Machine-Learning based tool to predict Tire Noise using both Tire and Pavement Parameters
Spies, Lucas Daniel
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Tire-Pavement Interaction Noise (TPIN) becomes the main noise source contributor for passenger vehicles traveling at speeds above 40 kph. Therefore, it represents one of the main contributors to noise environmental pollution in residential areas nearby highways. TPIN has been subject of exhaustive studies since the 1970s. Still, almost 50 years later, there is still not an accurate way to model it. This is a consequence of a large number of noise generation mechanisms involved in this phenomenon, and their high complexity nature. It is acknowledged that the main noise mechanisms involve tire vibration, and air pumping within the tire tread and pavement surface. Moreover, TPIN represents the only vehicle noise source strongly affected by an external factor such as pavement roughness. For the last decade, new machine learning algorithms to model TPIN have been implemented. However, their development relay on experimental data, and do not provide strong physical insight into the problem. This research studied the correct configuration of such tools. More specifically, Artificial Neural Network (ANN) configurations were studied. Their implementation was based on the problem requirements (acoustic sound pressure prediction). Moreover, a customized neuron configuration showed improvements on the ANN TPIN prediction capabilities. During the second stage of this thesis, tire noise test was undertaken for different tires at different pavements surfaces on the Virginia Tech SMART road. The experimental data was used to develop an approach to account for the pavement profile when predicting TPIN. Finally, the new ANN configuration, along with the approach to account for pavement roughness were complemented using previous work to obtain what is the first reasonable accurate and complete tool to predict tire noise. This tool uses as inputs: 1) tire parameters, 2) pavement parameters, and 3) vehicle speed. Tire noise narrowband spectra for a frequency range of 400-1600 Hz is obtained as a result.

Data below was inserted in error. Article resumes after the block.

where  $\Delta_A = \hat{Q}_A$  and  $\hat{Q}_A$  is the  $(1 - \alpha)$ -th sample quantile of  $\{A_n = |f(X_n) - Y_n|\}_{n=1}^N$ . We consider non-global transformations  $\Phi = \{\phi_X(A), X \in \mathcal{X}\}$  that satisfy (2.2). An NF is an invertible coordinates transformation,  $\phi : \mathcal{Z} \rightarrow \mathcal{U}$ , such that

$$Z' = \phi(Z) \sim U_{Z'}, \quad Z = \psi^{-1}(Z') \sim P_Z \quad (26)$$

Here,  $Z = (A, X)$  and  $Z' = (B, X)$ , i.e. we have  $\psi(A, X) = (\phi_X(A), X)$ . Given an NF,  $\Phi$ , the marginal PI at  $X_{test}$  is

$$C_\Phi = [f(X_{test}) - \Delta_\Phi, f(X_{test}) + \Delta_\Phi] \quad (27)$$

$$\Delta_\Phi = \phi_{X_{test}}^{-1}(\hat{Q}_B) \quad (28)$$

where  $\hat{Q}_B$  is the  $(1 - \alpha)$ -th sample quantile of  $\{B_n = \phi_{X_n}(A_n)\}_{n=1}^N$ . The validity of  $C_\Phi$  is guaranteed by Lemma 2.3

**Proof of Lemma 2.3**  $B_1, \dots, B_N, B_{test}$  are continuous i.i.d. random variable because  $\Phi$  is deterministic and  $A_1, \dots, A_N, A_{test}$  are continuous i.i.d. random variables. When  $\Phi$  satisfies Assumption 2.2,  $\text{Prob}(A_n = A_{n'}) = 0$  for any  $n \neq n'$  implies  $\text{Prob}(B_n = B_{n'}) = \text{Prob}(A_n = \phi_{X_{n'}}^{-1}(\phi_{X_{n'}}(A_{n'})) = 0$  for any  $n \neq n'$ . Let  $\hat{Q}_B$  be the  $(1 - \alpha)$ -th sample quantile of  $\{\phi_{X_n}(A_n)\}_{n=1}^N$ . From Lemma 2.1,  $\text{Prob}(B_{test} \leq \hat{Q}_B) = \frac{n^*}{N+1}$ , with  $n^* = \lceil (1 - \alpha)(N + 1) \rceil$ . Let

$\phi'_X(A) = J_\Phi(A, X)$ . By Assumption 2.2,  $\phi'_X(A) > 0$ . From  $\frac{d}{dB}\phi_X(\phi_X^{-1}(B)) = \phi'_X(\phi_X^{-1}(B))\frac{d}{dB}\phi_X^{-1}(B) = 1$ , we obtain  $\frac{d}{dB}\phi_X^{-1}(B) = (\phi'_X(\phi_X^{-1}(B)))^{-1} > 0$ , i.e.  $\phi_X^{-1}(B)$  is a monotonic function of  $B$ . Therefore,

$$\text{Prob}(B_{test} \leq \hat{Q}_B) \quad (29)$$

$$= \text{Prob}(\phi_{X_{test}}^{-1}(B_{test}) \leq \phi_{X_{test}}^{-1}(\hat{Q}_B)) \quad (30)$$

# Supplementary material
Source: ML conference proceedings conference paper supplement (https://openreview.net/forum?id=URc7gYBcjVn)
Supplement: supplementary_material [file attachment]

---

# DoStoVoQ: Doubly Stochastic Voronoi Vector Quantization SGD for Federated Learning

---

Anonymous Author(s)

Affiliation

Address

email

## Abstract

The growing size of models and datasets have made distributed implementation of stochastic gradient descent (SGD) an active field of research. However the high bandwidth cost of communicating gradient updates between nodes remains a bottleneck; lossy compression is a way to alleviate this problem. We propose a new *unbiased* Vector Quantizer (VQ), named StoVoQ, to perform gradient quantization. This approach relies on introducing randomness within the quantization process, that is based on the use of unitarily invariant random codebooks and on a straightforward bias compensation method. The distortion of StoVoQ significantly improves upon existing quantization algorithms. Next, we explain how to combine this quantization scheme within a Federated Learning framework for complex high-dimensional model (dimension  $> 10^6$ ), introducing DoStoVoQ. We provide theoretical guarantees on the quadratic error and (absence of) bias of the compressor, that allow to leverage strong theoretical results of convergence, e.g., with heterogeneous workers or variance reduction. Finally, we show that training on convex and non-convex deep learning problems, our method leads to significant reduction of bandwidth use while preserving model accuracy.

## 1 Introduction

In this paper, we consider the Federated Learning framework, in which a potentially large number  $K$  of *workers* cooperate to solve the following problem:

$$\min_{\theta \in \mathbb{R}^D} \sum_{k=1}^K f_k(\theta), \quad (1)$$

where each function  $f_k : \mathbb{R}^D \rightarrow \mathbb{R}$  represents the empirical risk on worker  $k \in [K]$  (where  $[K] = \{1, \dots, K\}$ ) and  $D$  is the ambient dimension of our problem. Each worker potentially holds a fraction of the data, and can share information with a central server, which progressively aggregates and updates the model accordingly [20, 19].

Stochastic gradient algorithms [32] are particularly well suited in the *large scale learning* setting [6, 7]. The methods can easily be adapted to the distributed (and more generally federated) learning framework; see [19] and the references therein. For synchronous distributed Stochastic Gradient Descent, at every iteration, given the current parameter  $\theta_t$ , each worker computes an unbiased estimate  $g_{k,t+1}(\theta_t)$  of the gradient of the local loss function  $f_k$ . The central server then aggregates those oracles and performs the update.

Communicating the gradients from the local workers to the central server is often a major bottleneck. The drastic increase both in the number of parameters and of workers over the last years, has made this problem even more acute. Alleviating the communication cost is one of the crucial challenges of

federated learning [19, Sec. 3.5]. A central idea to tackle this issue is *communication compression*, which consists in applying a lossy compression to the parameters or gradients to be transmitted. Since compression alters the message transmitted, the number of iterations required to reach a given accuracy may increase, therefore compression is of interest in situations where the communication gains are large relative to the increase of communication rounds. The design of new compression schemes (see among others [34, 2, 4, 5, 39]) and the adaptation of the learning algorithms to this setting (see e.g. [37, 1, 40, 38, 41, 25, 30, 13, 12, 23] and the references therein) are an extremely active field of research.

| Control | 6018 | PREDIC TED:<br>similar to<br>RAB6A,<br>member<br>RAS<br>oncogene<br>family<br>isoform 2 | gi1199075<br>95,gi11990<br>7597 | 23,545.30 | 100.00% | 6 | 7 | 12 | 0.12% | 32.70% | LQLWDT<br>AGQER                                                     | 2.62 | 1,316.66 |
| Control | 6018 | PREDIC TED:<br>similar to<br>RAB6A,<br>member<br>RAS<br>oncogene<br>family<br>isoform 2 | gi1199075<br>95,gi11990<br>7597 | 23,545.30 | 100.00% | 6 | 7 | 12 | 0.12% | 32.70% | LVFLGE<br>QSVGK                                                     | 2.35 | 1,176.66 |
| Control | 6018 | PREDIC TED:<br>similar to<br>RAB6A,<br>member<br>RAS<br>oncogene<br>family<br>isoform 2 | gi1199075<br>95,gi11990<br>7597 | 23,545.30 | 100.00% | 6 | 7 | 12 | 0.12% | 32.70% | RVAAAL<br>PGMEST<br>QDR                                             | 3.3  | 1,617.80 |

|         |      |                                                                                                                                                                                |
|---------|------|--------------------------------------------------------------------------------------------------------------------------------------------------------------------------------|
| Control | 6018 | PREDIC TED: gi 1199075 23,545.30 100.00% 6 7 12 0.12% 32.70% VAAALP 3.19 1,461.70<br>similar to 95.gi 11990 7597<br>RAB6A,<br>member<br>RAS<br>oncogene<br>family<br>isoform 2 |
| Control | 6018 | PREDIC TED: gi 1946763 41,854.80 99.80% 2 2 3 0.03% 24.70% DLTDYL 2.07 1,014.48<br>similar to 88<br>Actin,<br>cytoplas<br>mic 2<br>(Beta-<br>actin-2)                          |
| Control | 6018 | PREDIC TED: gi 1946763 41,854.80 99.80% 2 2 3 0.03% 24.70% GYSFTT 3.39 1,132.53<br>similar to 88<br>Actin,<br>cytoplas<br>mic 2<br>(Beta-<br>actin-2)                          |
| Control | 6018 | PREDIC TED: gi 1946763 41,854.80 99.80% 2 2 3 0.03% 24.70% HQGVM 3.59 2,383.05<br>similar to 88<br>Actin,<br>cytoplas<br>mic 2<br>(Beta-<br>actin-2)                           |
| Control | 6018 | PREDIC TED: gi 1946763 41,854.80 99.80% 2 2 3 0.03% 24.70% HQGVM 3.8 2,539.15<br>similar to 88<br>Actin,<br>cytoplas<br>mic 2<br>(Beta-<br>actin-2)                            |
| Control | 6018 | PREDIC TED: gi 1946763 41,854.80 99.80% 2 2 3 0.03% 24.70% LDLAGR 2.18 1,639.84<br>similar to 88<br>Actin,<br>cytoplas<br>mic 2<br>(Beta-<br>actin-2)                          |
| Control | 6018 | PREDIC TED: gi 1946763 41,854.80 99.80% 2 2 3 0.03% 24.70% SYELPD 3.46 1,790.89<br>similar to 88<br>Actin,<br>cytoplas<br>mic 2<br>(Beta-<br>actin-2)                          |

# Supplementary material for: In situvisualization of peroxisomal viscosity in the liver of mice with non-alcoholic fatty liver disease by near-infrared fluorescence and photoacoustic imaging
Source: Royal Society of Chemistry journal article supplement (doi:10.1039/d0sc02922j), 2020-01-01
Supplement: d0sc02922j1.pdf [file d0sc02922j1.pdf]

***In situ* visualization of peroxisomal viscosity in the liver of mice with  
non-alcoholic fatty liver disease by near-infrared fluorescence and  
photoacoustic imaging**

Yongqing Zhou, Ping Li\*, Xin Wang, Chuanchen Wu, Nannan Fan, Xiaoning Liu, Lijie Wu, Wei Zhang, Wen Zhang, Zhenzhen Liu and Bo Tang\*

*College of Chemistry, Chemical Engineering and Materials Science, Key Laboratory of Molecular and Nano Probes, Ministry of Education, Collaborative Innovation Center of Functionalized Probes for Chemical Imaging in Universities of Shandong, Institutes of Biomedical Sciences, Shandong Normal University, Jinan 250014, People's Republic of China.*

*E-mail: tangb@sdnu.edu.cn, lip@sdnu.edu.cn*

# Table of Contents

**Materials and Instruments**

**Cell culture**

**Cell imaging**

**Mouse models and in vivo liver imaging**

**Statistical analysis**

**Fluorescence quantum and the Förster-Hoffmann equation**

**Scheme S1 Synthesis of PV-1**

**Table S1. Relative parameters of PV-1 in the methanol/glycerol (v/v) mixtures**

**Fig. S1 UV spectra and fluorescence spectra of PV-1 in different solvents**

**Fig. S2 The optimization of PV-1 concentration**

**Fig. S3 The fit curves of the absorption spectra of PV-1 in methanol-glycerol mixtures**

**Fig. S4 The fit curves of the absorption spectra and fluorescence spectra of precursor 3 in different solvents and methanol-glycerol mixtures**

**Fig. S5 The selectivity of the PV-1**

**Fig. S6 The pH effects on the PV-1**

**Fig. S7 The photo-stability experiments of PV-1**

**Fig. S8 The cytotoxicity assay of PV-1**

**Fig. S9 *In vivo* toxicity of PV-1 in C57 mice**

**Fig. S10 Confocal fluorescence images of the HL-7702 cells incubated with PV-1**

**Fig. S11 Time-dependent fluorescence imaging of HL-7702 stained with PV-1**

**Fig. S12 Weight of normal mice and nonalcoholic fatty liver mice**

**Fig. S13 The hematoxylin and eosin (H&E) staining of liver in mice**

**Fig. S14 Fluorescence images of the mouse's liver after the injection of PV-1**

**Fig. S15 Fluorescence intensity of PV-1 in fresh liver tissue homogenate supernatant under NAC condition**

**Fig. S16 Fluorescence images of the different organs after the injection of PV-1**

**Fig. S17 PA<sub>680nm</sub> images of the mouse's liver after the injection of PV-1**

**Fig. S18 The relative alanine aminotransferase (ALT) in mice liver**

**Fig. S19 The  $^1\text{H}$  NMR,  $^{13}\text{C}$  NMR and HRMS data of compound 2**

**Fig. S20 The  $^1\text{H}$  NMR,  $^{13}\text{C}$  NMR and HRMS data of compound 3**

- Masters Theses